< The Email Trail

Transcript

Friday, March 30, 2007

BOB GARFIELD:
The storm over the firing of eight U.S. attorneys continues to swirl in Washington. On Thursday, senators grilled former Justice Department operative D. Kyle Sampson, who said that his boss, Attorney General Alberto Gonzalez, did have a direct hand in the dismissals.

Gonzales had earlier claimed he wasn't personally involved, and on that point the paper trail didn't contradict him. Because in all the thousands of pages of emails released by the White House so far, there's not one email from the Attorney General himself. Apparently he doesn't use email.

And he's not the only Cabinet official. Donald Rumsfeld claimed not to use it. Ditto for Condoleezza Rice and Michael Chertoff. In fact, the President himself told CNBC last year that he didn't touch the stuff.
PRESIDENT GEORGE BUSH:
I tend not to email – or not only tend not to email -I don't email, because of the different record requests that could happen to a president. I don't want to receive emails, ‘cause, you know, there's no telling what somebody would e-mail me - and it would show up as a, you know, a part some kind of a story. And I wouldn't be able to say, well, I didn't read the email. But I sent it to your address. How can you say you didn't? So, in other words, I'm very cautious about e mailing.
BOB GARFIELD:
In the wake of the prosecutor purge, some are questioning whether Bush and his staffers are really steering clear of email altogether or just their official White House accounts.

Recently released documents show that one aide to Karl Rove helped orchestrate the firings using an account registered to the Republican National Committee. And Rove himself reportedly uses his RNC account for about 95 percent of his emailing.

The watchdog group Citizens for Responsibility and Ethics in Washington doesn't like the look of that one bit, and has asked Congress to investigate. I'm joined now by the group's top watchdog, Melanie Sloan. Melanie, welcome to On the Media.
MELANIE SLOAN:
Thank you.
BOB GARFIELD:
So let's just say White House staffers are routinely using outside accounts. Is there any legal responsibility to use their government-issued email accounts?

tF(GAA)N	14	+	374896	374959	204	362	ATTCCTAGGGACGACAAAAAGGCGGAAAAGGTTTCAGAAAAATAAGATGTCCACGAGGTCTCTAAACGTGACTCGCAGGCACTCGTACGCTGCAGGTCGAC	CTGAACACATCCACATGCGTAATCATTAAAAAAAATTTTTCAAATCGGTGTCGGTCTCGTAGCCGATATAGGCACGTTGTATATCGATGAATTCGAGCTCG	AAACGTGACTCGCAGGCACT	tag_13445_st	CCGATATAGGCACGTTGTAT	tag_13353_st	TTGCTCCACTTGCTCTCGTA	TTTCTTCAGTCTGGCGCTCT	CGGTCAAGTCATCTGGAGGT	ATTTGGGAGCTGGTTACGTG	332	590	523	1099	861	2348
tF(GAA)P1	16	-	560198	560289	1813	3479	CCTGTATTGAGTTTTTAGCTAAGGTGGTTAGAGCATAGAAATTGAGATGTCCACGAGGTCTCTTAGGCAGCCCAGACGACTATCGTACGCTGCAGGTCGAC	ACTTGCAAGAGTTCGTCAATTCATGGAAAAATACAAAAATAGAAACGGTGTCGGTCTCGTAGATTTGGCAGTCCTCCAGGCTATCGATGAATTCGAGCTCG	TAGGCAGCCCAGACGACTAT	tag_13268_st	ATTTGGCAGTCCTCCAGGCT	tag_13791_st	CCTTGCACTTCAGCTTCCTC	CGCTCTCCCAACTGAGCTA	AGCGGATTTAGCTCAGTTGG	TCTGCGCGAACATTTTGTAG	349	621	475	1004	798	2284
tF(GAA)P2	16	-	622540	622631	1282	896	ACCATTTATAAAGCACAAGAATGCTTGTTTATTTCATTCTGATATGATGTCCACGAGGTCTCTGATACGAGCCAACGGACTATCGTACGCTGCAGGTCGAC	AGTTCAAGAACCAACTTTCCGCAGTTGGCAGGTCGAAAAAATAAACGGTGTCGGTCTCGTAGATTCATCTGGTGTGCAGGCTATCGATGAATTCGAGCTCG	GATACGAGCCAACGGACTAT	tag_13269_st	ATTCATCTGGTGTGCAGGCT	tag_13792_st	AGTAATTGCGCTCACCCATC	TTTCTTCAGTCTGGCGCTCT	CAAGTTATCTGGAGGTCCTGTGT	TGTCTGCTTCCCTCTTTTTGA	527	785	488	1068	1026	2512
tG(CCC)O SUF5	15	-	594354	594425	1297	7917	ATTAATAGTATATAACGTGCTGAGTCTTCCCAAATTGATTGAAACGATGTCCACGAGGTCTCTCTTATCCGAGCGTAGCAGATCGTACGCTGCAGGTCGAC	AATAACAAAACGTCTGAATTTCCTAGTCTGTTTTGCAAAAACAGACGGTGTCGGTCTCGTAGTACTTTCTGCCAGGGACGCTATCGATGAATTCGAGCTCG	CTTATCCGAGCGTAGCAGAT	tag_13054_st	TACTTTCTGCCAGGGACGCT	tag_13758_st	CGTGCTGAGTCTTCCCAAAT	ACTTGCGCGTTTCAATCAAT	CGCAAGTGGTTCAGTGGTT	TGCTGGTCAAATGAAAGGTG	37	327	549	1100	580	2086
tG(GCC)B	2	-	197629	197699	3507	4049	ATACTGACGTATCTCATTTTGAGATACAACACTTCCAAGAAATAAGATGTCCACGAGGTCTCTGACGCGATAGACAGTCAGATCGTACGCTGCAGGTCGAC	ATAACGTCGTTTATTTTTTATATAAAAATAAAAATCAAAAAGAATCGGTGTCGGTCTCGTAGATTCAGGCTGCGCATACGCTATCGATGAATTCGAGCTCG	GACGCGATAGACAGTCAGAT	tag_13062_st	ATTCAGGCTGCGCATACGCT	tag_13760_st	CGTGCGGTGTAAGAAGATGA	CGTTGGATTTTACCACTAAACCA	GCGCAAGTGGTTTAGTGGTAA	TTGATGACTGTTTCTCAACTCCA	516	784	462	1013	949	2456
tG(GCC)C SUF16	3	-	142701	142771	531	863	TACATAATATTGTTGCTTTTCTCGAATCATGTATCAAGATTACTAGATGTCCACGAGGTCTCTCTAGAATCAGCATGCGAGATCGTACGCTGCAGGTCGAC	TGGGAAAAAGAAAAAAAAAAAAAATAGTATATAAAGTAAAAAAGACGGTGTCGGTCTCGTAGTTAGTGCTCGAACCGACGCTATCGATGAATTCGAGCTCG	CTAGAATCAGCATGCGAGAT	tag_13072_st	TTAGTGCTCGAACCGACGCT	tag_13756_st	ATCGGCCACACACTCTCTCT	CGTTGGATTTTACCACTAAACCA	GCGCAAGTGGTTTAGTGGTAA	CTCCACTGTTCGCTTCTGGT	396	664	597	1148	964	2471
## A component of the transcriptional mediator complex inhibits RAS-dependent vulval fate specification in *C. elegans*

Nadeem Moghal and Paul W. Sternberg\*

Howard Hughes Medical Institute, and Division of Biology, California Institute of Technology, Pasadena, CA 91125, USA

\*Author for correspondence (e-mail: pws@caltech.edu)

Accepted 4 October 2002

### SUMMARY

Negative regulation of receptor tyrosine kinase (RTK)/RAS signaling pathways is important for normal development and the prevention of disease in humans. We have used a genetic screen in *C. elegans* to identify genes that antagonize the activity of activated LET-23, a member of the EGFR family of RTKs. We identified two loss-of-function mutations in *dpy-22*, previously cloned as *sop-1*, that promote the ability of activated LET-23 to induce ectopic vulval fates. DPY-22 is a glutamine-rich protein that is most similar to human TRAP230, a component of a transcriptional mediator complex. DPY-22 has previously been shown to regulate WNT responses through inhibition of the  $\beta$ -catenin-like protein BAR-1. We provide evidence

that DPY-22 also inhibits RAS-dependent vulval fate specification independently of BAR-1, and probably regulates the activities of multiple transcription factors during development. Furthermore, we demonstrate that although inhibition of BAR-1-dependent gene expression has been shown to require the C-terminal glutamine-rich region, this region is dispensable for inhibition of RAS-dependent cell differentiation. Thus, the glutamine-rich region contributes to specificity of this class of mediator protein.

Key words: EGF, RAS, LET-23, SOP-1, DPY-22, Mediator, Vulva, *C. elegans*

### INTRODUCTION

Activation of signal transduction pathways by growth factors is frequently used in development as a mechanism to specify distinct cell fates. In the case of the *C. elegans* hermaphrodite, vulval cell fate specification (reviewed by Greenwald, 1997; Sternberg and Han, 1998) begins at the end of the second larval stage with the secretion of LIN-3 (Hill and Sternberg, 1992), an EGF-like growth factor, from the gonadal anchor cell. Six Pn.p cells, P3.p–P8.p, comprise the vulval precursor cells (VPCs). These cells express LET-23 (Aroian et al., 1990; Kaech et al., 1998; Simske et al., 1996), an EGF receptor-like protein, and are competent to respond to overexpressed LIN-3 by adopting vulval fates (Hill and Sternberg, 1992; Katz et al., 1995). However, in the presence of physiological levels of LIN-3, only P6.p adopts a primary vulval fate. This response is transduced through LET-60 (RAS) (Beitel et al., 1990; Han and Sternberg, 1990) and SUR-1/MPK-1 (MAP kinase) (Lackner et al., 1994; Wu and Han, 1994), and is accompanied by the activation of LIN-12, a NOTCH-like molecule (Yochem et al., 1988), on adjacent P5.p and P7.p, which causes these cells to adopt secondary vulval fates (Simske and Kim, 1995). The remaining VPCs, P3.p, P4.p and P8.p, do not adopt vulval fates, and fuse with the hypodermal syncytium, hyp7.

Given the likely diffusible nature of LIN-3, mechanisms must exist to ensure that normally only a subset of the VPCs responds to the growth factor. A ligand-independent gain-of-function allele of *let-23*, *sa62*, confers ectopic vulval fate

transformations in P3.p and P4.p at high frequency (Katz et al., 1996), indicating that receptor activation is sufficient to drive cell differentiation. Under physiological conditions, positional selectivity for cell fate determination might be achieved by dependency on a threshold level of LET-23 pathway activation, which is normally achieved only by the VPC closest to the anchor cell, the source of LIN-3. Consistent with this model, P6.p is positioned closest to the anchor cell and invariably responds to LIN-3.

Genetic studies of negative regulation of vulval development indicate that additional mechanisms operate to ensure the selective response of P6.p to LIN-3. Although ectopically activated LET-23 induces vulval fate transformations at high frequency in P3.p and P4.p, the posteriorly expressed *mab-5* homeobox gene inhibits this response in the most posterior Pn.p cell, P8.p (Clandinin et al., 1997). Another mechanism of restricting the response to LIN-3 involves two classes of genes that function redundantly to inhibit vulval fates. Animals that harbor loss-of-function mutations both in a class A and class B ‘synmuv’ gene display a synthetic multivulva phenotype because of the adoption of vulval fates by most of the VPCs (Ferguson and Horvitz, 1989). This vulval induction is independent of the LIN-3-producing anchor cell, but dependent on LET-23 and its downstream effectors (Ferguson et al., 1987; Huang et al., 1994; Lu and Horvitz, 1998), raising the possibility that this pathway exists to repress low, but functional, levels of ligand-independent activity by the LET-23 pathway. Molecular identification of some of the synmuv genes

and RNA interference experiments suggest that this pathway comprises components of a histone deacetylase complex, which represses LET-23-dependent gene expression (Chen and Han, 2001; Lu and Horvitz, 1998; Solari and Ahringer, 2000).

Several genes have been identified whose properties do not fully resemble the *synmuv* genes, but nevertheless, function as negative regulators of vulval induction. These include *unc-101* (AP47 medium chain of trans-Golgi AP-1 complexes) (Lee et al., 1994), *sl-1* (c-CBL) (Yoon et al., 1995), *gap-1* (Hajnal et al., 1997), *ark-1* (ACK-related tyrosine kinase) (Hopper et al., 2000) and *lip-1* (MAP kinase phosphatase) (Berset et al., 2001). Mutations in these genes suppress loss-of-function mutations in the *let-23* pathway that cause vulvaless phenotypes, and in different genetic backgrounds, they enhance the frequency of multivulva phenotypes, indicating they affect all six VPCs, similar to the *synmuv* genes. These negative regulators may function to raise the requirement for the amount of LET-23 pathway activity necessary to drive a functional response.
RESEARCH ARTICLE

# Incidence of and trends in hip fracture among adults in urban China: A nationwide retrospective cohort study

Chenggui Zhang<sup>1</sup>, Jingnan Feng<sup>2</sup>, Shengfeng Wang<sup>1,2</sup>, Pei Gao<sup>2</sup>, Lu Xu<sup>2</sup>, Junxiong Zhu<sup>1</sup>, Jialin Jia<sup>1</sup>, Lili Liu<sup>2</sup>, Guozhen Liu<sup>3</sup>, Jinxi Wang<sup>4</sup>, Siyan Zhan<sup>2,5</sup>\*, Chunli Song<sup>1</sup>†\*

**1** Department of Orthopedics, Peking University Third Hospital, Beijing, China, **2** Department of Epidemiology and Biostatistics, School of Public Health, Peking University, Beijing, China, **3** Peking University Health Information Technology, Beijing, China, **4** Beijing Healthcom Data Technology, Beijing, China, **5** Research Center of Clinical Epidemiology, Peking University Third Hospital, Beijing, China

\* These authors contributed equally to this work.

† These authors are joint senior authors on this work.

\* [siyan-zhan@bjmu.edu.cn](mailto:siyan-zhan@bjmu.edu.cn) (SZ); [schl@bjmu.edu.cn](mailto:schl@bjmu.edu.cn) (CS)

MELANIE SLOAN:
There is, in fact. There's something called the Presidential Records Act that requires individuals who are employed in the White House by the Executive Office of the President to maintain all communications, all email correspondence. And if you are not using a White House account, which has an automatic backup system, then you are, in fact, in violation of the Presidential Records Act.

BOB GARFIELD:
But my understanding of the law was that there is no explicit mandate to use only White House email accounts for official communication.
MELANIE SLOAN:
Well, that's an interesting question. We sent a letter over to the Office of Administration in the Executive Office of the President to ask about their policies. There was, in fact, a very explicit policy in the Clinton Administration specifically prohibiting staff from using commercial email systems.
BOB GARFIELD:
Irrespective of whether it's actually illegal, can we assume that this is being done in order to evade the requirement?
MELANIE SLOAN:
We can be sure that it's being done to evade the requirement, because we've seen emails that so indicate. There was some correspondence with Jack Abramoff back in 2003 where he said he had accidentally sent an email to Susan Ralston, who was a former assistant to Karl Rove, on her White House account, and that was a mistake. They didn't want to end up with emails being preserved.

Even today, I read something where a bunch of White House staff have expressed concern that it's coming out that they were using RNC email accounts, so a couple have gone out and gotten their own BlackBerrys with private email accounts, as if somehow that's the solution. That's just another way that they're evading the law, again, which requires all emails from White House staffers to be maintained.